How to Plan a Whole Year of Writing Lessons in 6 Easy Steps

Teaching writing should be enjoyable and with a solid plan, it can be.  Planning a whole year of writing lessons can be easy if you approach the task from the right angle.  A simple plan is usually best.

The First Time I had to Plan Writing Lessons

The first time I had to plan writing lessons for the whole school year it was overwhelming.  I was trying to look at what I was required to teach, the lessons in the curriculum, and what other teachers on the team did.  So many factors go into planning writing lessons and each pulls us in a different direction which makes it difficult to know know what we can let go of.   

Was My Writing Lessons Plan Good?

I ultimately became so overwhelmed that my writing lessons plan were non-existent, reliant on a boxed curriculum, and lasted too long.  Not being prepared with a plan wasn’t going to help me or my students.  Planning gets easier year after year but teaching also changes every year.  If we have a solid plan for our writing lessons to start with it will be easy to adjust and change it as the year progresses.

What are Writing Lessons for the Whole Year?

Writing lessons for the whole year are your entire curriculum.  Your curriculum doesn’t have to be a boxed curriculum.  The lessons that you decide to teach are your curriculum. The longer you teach the more the writing lessons in your curriculum will become unique and customized to you and your classroom.

It’s helpful to have an overview of the lessons we want to teach over the year even if we change and adjust those lessons depending on your students’ needs.  Flying by the seat of your pants is never the most effective way to teach.  Having a plan and making adjustments to that plan will make the school year more effective.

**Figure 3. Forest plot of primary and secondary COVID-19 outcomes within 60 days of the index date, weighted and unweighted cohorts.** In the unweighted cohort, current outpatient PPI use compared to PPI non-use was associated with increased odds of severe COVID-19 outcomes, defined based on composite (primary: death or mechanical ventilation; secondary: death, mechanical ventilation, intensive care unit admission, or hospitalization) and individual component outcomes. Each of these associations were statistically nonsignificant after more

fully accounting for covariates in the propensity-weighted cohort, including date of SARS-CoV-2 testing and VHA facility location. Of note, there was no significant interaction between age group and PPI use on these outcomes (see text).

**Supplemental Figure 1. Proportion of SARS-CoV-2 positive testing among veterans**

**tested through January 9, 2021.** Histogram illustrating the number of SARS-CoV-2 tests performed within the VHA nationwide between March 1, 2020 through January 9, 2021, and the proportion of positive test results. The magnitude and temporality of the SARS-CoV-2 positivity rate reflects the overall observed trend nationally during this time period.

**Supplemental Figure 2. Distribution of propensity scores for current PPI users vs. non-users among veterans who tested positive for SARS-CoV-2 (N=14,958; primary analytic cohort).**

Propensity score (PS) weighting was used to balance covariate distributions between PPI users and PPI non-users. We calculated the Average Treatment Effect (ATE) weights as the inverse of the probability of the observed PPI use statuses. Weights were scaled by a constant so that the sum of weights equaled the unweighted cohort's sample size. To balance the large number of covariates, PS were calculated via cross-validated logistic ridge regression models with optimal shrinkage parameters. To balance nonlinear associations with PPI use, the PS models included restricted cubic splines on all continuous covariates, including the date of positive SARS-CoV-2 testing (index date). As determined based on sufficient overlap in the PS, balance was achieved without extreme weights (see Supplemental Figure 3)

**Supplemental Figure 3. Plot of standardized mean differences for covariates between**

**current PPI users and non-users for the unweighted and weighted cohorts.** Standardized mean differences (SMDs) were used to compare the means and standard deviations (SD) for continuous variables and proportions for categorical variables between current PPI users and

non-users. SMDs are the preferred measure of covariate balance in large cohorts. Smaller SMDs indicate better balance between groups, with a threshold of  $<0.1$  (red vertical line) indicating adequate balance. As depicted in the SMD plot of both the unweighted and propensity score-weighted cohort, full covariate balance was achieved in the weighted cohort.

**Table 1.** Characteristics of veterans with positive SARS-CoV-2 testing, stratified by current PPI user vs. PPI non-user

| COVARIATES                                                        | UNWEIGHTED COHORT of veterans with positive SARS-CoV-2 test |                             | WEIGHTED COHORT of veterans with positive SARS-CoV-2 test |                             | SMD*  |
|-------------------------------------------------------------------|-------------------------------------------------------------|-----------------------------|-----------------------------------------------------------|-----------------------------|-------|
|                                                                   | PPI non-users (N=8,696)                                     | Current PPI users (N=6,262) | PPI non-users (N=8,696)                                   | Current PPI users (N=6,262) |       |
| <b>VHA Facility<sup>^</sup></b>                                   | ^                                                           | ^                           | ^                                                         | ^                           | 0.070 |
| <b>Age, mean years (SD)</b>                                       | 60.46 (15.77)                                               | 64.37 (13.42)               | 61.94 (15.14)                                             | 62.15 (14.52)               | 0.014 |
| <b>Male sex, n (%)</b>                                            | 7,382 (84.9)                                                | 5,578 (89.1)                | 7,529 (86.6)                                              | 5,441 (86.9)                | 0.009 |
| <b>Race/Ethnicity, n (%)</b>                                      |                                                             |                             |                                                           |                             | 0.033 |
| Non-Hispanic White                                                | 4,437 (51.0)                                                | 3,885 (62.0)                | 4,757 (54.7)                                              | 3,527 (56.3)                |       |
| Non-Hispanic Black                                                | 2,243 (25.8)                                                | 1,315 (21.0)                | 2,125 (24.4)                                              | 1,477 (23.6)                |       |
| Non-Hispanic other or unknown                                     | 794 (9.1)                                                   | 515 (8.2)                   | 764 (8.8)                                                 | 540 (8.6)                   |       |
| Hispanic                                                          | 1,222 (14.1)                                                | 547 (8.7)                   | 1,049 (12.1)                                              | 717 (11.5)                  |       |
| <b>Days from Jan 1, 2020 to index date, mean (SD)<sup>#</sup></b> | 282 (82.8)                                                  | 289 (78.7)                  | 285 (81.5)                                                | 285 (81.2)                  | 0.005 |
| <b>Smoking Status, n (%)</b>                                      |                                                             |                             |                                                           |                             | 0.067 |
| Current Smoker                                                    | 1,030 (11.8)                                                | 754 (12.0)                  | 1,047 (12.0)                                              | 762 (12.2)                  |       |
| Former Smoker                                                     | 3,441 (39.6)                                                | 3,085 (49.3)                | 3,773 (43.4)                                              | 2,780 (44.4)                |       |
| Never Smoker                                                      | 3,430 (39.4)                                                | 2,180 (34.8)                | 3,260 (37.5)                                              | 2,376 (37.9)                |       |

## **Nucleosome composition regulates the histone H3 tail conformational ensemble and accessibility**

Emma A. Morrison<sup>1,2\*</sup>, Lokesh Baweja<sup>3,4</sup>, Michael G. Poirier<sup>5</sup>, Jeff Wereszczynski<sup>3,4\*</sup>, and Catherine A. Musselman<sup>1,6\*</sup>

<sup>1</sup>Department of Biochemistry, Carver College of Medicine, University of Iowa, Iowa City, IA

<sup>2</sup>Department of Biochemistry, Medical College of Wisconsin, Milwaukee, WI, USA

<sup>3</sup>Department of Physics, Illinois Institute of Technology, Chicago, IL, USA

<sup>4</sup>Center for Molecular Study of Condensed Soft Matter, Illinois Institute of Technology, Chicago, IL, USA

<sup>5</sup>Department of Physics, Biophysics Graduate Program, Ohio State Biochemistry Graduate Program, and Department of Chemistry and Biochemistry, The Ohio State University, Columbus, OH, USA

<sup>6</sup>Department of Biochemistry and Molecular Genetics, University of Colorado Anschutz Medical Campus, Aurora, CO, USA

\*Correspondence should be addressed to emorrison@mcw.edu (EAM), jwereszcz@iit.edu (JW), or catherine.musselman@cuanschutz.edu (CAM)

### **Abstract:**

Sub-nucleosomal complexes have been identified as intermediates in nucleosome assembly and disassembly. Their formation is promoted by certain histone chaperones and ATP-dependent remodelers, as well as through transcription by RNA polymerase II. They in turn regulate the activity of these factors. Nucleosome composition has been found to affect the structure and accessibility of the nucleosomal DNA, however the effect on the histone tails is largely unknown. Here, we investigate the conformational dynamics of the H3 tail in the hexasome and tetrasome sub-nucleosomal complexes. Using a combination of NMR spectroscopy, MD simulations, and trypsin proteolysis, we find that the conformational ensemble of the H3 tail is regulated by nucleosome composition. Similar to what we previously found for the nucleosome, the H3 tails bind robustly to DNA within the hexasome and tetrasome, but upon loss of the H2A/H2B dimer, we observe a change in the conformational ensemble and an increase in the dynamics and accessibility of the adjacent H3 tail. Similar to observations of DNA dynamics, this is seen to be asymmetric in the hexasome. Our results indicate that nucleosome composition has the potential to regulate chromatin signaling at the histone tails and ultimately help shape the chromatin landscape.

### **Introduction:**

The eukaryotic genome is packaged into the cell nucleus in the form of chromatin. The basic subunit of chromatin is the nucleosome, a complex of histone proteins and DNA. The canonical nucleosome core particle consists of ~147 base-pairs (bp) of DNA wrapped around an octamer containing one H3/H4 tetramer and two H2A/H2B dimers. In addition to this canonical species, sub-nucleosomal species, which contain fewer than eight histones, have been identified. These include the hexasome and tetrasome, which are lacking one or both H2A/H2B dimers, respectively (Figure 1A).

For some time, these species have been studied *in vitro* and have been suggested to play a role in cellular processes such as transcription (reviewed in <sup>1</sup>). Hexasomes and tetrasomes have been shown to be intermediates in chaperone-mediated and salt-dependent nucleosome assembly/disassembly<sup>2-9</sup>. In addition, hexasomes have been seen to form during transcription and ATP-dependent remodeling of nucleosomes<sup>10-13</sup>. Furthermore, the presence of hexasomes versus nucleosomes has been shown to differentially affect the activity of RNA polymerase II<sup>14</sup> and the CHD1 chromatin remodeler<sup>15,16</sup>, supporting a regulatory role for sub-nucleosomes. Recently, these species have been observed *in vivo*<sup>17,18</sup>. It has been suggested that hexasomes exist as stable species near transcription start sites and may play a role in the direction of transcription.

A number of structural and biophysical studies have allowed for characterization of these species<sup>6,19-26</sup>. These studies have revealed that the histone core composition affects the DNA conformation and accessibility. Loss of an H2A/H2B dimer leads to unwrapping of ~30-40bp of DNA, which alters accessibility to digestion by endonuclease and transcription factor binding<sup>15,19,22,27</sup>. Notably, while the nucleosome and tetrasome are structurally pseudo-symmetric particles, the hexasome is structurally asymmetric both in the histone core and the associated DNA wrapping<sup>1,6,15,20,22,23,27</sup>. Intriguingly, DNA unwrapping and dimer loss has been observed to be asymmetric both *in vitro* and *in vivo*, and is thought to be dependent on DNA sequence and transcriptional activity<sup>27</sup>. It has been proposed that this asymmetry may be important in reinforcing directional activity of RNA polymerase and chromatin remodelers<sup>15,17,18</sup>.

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5 Easy Steps to Plan a Year of Writing Lessons

Planning a year of writing lessons doesn’t have to be difficult and after you read the rest of this article you will be on your way.  This daunting task will change into a doable one with a little helpful advice. You will need to do a little prep work and then some decision-making to plan your writing lessons for a whole year. This isn’t a do it my way or the highway type of article thought.  I hope you find some helpful tips within my process. 

The First Steps to Planning Writing Lessons 

1. What Writing Lessons and Concepts Do You Need to Teach

There is no way around district requirements and state standards.  These requirements about what teachers teach in the classroom guide much of what we do. It’s important to have this available while planning your writing lessons.

2. Examine the School Calendar Before Deciding on Writing Lessons

We think of school as a Monday-to-Friday gig but there are also a lot of holidays, vacations, and special events that interrupt our “regular” schedule.   Take a calendar and write down these special events so you have a good idea of the actual time you’ll have to teach writing lessons.